Reflex activity of pelvic floor muscles during drop landings and mini-trampolining-exploratory study

Complex functional movements such as jumping typically provoke stress urinary incontinence (SUI) in women. The aim of this study was to investigate pelvic floor muscle (PFM) activity in young, healthy women during jumps to explore their activity characteristics.

Surface electromyography (EMG) from PFMs was measured in 16 healthy women with a tripolar vaginal probe during drop landings from heights of 15, 30 and 45 cm (DL 15, 30, 45) as well as during mini-trampolining with a pace of 90 and 75 jumps per minute (MT 90, 75). Time of foot strike and body weight force (BWF) in % (= ground reaction force, normalised to body weight) was determined by force plates. Root mean square values of the EMG signals were analyzed from 30 ms before to 150 ms after foot strike. Peak activity during maximum voluntary contraction (MVC) was set as 100% for EMG normalization. The PFM onset threshold was determined as the mean of rest activity plus 2 standard deviations. Data were analysed with non-parametric statistical methods.

EMG activity during all jumps was above the PFM onset threshold. Mean pre- and reflex activity increased significantly with jumping height (p < 0.05) as well as with increasing BWF. The PFM activation pattern of DL was with peak activity of 115-182 %MVC between 34 and 44 ms after foot strike, which was different from MT with peak PFM activity of 85-115 %MVC reached at 133 ms.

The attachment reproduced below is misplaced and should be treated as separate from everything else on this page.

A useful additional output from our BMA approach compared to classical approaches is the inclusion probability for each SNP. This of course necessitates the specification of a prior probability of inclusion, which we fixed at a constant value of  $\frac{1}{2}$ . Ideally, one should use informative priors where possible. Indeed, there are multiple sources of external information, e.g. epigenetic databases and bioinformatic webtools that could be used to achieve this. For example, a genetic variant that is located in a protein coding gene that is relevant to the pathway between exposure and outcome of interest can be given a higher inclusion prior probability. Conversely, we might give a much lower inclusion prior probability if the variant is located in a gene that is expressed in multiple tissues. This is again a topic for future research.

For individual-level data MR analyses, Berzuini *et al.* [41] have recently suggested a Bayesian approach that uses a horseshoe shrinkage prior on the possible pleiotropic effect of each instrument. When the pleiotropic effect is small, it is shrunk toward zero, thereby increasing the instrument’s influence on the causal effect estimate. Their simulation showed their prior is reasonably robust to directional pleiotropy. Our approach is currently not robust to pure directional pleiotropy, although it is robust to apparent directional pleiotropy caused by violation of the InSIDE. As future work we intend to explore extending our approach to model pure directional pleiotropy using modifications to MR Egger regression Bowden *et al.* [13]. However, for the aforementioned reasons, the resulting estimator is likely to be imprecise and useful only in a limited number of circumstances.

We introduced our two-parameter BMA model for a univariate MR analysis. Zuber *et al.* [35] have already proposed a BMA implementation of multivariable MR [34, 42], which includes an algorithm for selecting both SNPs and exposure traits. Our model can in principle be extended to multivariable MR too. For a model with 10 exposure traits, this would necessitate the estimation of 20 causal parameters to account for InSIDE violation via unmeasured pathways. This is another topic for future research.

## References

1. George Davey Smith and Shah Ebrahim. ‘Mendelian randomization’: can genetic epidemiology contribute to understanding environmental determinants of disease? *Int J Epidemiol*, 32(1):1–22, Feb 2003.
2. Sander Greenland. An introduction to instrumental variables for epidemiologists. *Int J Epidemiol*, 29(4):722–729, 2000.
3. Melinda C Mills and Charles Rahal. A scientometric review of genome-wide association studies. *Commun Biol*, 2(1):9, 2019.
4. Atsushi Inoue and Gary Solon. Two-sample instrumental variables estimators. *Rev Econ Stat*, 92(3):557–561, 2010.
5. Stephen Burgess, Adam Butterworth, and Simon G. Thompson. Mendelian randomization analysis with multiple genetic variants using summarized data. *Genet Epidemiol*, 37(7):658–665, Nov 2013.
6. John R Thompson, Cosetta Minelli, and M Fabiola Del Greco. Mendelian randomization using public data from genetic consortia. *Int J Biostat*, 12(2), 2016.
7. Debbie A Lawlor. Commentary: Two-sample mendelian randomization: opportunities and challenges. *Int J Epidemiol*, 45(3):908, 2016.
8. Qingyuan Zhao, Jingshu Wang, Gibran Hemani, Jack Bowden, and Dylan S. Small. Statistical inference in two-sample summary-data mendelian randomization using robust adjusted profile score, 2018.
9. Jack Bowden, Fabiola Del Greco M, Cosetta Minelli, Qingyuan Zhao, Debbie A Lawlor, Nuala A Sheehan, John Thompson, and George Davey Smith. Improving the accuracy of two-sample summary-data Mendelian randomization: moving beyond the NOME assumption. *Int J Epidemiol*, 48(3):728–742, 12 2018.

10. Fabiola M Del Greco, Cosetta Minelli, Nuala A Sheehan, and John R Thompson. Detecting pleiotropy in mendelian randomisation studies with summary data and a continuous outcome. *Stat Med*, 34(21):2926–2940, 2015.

Jumping and mini-trampolining provoked significant PFM activity in healthy volunteers. The next research step will be to examine the PFM activity of women suffering from SUI during jumps.

International urogynecology journal. 2018 May 24 [Epub ahead of print]

Patricia Wassmer Saeuberli, Anja Schraknepper, Patric Eichelberger, Helena Luginbuehl, Lorenz Radlinger

School of Health Professions, Institute of Physiotherapy, Zurich University of Applied Sciences, Winterthur, Switzerland. ., Department of Health Professions, Division of Physiotherapy, Bern University of Applied Sciences, Bern, Switzerland.

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